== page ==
Millennium “The Pest House”

Title: Millennium “The Pest House
Writers: Glen Morgan & James Wong
Director: Alan Coulter
Network: Fox
Original Airdate: 27 February 1998

For Halloween, and as something of a companion piece to my previous post on the Perception episode “Asylum“, I wanted to take another look at an all-time personal favourite series, Millennium. My episode of choice this time, though, is not seasonal favourite “The Curse of Frank Black“, but rather another second season instalment that again features a psychiatric hospital and its patients at the heart of the story: “The Pest House”.

Whilst not Halloween-themed, this is certainly an episode that seeks to trade on scares and, specifically, urban myths about bloody murders perpetrated by the so-called mentally-deranged. I found the original Fox trailer for the episode on my hard drive, as posted on the official site during the series’ original run. It’s impossibly grainy and low resolution—this was as good as it got in the Nineties, Millennials!—and is naturally over-dramatised in comparison with the tone of the episode itself, but it nevertheless conveys a sense of the brand of drama that the story seeks to leverage from its setting:

Penned by Season Two executive producers Glen Morgan and James Wong, “The Pest House” focusses criminal profiler Frank Black (Lance Henriksen) and the increasingly sinister Millennium Group’s Peter Watts (Terry O’Quinn) upon the patients at the East County Forensic Psychiatric Hospital, where they come into conflict with Dr. Ellen Stoller (Melinda McGraw, perhaps better known to Ten Thirteen fans for her semi-recurring role in The X-Files as Dana Scully‘s sister, Melissa).

A forensic psychiatric hospital typically treats and/or seeks to rehabilitate those who have come into conflict with the law but who have been either considered unfit to stand trial or deemed not criminally responsible due to mental illness. Some such units might also house people convicted of crimes but who have been sent to such a facility for rehabilitation as opposed to prison, although it would seem, from Stoller’s early interactions with Frank and Peter, that this is not the case for East County:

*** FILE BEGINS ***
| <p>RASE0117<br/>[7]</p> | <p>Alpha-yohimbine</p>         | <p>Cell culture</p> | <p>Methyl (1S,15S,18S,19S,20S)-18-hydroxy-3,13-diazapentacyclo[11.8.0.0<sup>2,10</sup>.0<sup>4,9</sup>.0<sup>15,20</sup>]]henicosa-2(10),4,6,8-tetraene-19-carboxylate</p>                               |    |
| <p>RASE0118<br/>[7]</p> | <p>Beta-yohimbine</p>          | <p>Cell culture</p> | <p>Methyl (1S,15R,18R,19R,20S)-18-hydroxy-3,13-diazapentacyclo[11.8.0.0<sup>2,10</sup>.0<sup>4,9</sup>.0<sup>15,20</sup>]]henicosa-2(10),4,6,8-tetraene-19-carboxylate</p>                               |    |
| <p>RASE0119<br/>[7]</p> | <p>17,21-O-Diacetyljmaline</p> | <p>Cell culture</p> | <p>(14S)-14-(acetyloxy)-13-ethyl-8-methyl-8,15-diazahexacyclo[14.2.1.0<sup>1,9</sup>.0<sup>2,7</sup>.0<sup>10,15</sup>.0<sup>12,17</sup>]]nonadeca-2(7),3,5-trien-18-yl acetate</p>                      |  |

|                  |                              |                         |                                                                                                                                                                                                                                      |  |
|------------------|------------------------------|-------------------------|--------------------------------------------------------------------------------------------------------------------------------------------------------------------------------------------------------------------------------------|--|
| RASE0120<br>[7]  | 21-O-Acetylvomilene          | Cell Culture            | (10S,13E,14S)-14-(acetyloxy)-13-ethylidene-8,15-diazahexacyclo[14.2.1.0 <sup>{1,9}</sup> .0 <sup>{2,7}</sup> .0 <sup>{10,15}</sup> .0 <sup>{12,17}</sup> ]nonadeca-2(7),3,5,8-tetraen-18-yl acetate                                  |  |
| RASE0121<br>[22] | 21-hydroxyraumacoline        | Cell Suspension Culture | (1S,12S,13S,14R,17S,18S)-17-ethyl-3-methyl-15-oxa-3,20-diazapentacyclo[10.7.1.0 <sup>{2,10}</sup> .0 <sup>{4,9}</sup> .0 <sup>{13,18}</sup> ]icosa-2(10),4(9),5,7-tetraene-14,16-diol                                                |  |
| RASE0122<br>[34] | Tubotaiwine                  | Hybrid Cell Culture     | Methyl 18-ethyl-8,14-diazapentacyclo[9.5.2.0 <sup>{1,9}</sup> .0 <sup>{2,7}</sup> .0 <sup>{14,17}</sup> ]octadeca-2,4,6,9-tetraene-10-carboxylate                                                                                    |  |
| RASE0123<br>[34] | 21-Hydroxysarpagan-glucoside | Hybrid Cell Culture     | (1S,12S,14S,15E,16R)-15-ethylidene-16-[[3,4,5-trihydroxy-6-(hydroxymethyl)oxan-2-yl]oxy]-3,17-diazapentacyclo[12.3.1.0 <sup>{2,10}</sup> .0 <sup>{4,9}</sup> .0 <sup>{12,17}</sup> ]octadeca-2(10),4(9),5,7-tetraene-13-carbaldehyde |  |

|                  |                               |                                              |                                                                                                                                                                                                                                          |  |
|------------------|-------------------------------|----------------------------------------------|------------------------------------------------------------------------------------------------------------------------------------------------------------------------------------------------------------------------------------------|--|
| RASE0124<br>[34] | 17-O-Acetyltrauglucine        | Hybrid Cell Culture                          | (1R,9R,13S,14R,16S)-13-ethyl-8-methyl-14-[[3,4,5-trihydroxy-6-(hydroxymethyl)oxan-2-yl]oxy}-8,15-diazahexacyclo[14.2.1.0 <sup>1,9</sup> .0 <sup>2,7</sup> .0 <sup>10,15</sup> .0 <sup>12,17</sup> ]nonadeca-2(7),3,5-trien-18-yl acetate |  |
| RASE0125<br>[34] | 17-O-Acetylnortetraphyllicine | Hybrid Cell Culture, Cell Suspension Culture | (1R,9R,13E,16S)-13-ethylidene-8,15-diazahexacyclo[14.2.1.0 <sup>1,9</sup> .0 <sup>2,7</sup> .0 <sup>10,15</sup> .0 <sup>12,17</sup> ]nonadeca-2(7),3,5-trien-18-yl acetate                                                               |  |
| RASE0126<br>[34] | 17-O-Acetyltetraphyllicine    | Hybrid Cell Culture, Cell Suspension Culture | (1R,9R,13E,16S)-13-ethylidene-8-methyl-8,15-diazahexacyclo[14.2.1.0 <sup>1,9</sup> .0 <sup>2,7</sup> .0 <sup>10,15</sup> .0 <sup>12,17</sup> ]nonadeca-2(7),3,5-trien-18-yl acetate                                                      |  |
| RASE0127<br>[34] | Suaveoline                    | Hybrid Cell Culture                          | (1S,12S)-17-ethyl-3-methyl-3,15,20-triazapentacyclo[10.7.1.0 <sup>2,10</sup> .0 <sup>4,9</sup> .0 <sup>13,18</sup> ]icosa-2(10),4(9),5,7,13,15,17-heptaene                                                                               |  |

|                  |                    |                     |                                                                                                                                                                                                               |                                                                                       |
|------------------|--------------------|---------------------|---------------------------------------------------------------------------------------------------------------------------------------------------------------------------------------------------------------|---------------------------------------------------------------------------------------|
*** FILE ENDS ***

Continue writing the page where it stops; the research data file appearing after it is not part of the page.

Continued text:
Millennium The Pest House Dialogue 1

The representation of the hospital is an interesting mix of apparent contradictions: on the one hand a forbidding, somewhat dilapidated building, whilst on the other staffed by a team who—on the surface at least—seek to maintain as relaxed and informal an atmosphere as is possible under the circumstances.

Black and Watts are led to the hospital in the wake of a brutal killing of a teenager who, in a scenario that makes for a thrilling teaser but hinges upon a ridiculous coincidence, is killed moments after relating a spooky story about the modus operandi of a killer housed at the hospital—colloquially termed “The Pest House” by some locals—in the exact same fashion. A sequence of murders follows, each of them apparently following the pattern of a different patient in the hospital, which leads their investigation a merry dance.

Millennium The Pest House 1

In the exchanges between Black, Watts and Dr. Stoller, the tension between those caring for the patients in such an institution versus those with a duty of care towards the wider public is drawn into focus. It is a perennial debate, and the script effectively and sensitively walks its fine line without ever coming down too firmly on one side or the other. In one such conversation, Dr. Stoller challenges Frank’s assumptions that one of her patients may have been able to replicate one of his crimes from several years previously:

Millennium The Pest House Dialogue 2